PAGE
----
(12) Kruger considers that all acid and gummy constituents should be removed from resin by treating it with soda before it is dissolved in alcohol to form photographic varnish.

(13) If your pictures are otherwise satisfactory, you need only proceed as follows, to ensure their keeping for printing: - Prepare a weak solution of gum, say 1 oz. gum to 4 oz. water. When your plate is developed, fixed, and washed, and while still wet, pour over it some of the above gum water, and cover the plate with it as with a varnish. Rear up on edge to dry spontaneously. This forms a perfectly protective covering, which never sticks to the albu-menised paper, no matter how hot the sun may be.

(14) Colourless Negative Varnish

Dammar, 2 parts; mastic, 1; sandarac, 0.5; chloroform, 20; tar-varnish oil, 20.

For preparing this varnish, the finely-powdered resins are tied in a small linen bag and suspended from the lower part of the cork in a bottle containing the corresponding quantity of fluids. The solution will be accomplished in a short time if the bottle is put in a moderately warm place. After the resins have been dissolved, the clear varnish is poured off from the uncommonly small quantity of sediment. The process of lacquering the plates with the varnish is very quickly accomplished, as the solvent shows great volatility.

(15) Sandarac...... 4 dr.

Spirit of wine .. .. 20 dr.

Chloroform .. .. 1/2 dr.

Oil of lavender .. 3 dr.

The filtered solution is spread out by pouring it over the glass plate, and dried by applying heat. The coating is perfectly colourless, and negatives coated with this varnish do not crack, even if they are stored away for a long time.

(16) Monkhoven's Retouching Varnish For Negatives

Shellac is placed for 24 hours in a saturated solution of ammonia carbonate in water. The solution is then poured off, and replaced by an equal quantity of pure water; the fluid is boiled under constant stirring until a complete solution has taken place. The proportion between shellac and water should be as 1:8. This is poured twice in succession over the negative, which must be thoroughly dry. Retouching can be done more quickly and finer upon this coating than upon any other.

(17) Retouching Varnish

Shellac .. .. .. 1 oz.

Sandarac .. .. .. 6 oz.

Mastic .. .. .. 6 oz.

Ether ...... 10 oz.

Then 10 oz. pure benzole are added to the mixture after the resins have dissolved in the ether.

(18) Hard Lacquer For Negatives

(19) Lacquer

Sandarac...... 20 dr.

Venetian turpentine 2 dr.

Oil of lavender.. .. 2 1/2 dr.

Ether ...... 2 1/2 dr.

Absolute alcohol .. 50 dr.

Mastic ...... 2 dr.

Bleached shellac .. 10 dr.

Oil of turpentine .. 2 dr.

Spirit of wine .. 60 dr.

(20) Collodion, by itself - even the ordinary porous collodion employed in negative work - answers admirably. As a protection against damp, its effect is simply marvellous; for, should the moisture penetrate it and reach the gelatine film, it possesses sufficient elasticity to withstand the strain put upon it. It exhibits little tendency to absorb silver from the damp printing paper, and in the event of actual moisture being accidentally present when in contact with the paper there is no fear of adhesion. For portraiture, the film will bear working on with the pencil in retouching, though from its hardness and smooth surface it is usually desirable to use a "medium" to give a "tooth" which will take the pencil.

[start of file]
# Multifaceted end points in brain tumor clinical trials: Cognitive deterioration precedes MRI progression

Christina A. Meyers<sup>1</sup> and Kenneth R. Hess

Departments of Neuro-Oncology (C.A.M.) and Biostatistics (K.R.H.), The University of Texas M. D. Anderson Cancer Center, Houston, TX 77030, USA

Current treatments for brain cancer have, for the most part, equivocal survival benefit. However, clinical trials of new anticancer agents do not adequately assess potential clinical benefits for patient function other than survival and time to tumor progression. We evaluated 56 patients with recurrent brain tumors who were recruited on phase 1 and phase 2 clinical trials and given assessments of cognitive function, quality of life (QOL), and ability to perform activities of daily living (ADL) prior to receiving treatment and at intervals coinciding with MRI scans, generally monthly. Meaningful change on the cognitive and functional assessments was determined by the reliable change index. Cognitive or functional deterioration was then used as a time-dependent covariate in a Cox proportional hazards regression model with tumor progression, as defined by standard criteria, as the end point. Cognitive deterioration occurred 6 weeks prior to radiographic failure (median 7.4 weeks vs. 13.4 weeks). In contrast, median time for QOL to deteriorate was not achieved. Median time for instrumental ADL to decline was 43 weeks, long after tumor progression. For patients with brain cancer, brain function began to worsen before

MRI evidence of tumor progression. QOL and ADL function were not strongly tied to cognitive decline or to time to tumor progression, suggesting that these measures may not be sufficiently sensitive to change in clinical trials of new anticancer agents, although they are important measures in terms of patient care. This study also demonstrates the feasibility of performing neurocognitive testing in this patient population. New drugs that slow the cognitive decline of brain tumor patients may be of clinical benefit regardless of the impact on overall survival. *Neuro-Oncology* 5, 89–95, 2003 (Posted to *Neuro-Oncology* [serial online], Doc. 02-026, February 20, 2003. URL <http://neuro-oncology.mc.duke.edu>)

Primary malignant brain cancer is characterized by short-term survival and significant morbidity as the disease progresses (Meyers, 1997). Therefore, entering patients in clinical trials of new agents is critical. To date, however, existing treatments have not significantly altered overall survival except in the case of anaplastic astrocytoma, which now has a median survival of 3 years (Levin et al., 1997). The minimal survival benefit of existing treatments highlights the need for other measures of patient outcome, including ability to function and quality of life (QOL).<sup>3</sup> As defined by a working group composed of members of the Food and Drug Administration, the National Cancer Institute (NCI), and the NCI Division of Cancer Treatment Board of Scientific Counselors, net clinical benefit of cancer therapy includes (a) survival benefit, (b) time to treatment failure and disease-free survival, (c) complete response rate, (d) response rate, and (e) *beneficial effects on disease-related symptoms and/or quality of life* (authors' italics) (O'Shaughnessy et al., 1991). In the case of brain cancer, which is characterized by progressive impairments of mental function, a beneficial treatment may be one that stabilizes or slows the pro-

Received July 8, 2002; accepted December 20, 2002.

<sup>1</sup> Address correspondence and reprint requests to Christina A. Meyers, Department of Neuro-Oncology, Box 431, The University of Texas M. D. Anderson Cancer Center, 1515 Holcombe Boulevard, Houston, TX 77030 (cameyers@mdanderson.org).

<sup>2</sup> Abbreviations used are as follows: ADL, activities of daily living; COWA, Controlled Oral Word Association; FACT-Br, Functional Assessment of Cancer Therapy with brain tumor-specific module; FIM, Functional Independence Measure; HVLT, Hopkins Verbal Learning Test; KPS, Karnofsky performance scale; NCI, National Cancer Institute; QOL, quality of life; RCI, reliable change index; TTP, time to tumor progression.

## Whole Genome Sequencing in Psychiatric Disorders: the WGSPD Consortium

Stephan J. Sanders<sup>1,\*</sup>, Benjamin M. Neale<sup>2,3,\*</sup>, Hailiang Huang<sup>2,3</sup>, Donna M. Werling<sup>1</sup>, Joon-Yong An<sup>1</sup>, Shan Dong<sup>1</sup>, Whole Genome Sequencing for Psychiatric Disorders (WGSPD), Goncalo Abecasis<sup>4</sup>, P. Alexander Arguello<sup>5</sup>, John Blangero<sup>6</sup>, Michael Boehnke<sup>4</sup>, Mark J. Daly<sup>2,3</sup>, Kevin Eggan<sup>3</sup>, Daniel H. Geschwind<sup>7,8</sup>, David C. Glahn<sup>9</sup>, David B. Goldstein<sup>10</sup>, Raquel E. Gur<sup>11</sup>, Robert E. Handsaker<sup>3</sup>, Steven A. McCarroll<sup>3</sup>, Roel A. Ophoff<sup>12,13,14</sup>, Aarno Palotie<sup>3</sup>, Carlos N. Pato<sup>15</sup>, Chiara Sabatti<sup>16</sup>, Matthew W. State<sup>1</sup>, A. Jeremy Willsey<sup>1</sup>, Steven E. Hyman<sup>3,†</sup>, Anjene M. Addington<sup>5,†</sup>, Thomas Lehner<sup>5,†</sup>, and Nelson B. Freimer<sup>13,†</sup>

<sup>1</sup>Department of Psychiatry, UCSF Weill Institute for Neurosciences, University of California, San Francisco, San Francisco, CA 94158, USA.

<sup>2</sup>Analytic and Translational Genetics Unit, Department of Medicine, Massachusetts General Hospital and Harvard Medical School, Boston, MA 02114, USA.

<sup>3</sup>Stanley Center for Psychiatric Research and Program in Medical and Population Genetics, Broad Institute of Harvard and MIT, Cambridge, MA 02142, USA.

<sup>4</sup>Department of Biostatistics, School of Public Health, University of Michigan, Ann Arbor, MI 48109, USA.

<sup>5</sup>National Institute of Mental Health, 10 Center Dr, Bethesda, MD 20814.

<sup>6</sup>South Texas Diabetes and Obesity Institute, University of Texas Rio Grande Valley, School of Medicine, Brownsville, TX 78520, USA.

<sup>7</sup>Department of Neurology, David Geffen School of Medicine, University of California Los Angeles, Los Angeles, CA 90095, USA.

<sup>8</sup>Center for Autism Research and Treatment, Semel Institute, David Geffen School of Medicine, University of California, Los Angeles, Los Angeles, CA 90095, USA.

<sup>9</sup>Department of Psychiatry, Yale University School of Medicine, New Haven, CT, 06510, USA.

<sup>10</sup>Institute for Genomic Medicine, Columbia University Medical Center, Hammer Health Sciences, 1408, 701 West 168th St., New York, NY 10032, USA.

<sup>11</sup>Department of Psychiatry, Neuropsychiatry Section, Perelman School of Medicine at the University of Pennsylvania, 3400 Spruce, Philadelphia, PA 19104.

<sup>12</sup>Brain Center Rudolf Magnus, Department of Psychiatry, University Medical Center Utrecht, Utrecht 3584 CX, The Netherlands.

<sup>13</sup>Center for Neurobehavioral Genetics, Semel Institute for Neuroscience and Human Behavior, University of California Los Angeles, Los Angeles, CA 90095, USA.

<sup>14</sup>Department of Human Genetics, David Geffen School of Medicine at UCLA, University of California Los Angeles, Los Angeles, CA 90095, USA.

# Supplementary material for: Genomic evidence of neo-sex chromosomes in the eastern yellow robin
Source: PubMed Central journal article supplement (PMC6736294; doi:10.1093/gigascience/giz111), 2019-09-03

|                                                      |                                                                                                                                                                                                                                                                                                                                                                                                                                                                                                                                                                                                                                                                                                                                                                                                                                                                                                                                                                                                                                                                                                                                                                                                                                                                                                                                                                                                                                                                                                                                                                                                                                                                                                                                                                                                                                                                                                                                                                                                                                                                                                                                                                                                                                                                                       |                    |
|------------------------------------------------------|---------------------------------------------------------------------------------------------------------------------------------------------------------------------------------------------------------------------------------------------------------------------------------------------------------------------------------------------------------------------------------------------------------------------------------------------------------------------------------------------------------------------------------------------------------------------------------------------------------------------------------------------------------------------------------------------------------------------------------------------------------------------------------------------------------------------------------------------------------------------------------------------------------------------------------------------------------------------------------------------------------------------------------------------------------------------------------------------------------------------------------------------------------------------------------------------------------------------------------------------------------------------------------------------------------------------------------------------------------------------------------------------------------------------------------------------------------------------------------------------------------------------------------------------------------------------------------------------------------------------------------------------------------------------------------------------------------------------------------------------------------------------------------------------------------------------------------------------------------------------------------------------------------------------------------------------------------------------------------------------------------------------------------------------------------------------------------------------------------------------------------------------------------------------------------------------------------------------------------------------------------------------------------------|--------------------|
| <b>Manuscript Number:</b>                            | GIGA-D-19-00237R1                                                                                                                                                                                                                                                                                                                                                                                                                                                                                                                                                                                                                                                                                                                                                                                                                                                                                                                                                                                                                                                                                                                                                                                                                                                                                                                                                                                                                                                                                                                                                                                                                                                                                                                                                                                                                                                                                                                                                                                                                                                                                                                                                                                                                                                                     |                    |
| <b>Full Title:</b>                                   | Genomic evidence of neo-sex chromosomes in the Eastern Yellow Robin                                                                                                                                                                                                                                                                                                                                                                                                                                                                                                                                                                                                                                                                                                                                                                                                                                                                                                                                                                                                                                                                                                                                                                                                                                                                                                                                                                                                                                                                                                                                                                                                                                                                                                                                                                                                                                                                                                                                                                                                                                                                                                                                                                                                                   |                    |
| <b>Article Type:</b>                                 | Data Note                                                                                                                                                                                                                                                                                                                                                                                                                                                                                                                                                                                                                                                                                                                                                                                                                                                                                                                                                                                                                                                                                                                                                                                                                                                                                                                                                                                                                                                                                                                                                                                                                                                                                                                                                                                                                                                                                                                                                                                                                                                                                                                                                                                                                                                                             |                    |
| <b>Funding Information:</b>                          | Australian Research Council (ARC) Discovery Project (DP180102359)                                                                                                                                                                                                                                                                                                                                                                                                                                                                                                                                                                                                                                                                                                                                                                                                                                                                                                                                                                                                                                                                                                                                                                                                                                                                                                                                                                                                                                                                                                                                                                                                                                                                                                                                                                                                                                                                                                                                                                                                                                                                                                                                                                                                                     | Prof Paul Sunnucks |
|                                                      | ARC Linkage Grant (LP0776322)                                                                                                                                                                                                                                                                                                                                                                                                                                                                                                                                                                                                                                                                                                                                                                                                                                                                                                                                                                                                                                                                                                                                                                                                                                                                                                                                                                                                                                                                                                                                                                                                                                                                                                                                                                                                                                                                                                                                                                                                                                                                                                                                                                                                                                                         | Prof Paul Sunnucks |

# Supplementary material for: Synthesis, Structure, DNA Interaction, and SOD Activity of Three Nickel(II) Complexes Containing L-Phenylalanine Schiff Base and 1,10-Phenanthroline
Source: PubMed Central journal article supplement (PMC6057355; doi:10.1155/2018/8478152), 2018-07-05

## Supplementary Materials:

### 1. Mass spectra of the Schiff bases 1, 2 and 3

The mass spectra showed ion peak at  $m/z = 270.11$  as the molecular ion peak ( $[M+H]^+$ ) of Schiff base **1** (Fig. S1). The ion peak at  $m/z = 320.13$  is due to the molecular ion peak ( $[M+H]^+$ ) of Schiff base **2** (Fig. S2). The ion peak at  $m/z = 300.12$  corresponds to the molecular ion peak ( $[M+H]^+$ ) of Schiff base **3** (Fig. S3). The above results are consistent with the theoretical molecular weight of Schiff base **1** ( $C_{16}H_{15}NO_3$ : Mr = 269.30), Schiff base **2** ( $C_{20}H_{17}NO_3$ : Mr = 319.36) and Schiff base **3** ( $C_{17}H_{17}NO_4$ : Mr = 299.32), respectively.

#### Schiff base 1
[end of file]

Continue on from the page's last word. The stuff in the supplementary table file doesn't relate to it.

In preparing a special collodion for the purpose, select a good, tough - not necessarily "horny" - sample of pyro-xyline, and use it of the strength of not more than 4 gr. to the oz., with 2 or 3 drops of castor oil. The best protective medium consists of a collodion made from celloidine, which gives a remarkably clear and structureless film, and may be used stronger than ordinary pyroxyline: 5 gr. celloidine and 2 drops of castor oil to each oz. of solvents will answer well. There is a slight advantage in employing a small excess of ether over alcohol in dissolving - say 9 parts ether to 7 of alcohol - both being as free from water as possible, and the negative very thoroughly dried before application.

(21) For Wet-Plate Negatives

White hard varnish .. 1/2 pint Methylated spirit (about) 1 pint.

Try plate. If too thick, add more spirit. This will be found a capital varnish for retouching purposes.

(22) For Dry Plates

Red shellac varnish .. 1/2 pint Methylated spirit (about) 11/2 pints.

Try a plate, and add or lessen spirit according to requirements.

(23) Fritz Luckardt's Retouching Varnish

Alcohol ...... 300 parts

Sandarac •• .. .. 50 "

Camphor .. .... 5 „

Castor oil...... 10 "

Venetian turpentine .. 5 „

(24) Varnish To Imitate Ground Glass

Sandarac ...... 18 parts

Mastio........ 4 „

Ether........200 "

Benxole .. 80 to 100 "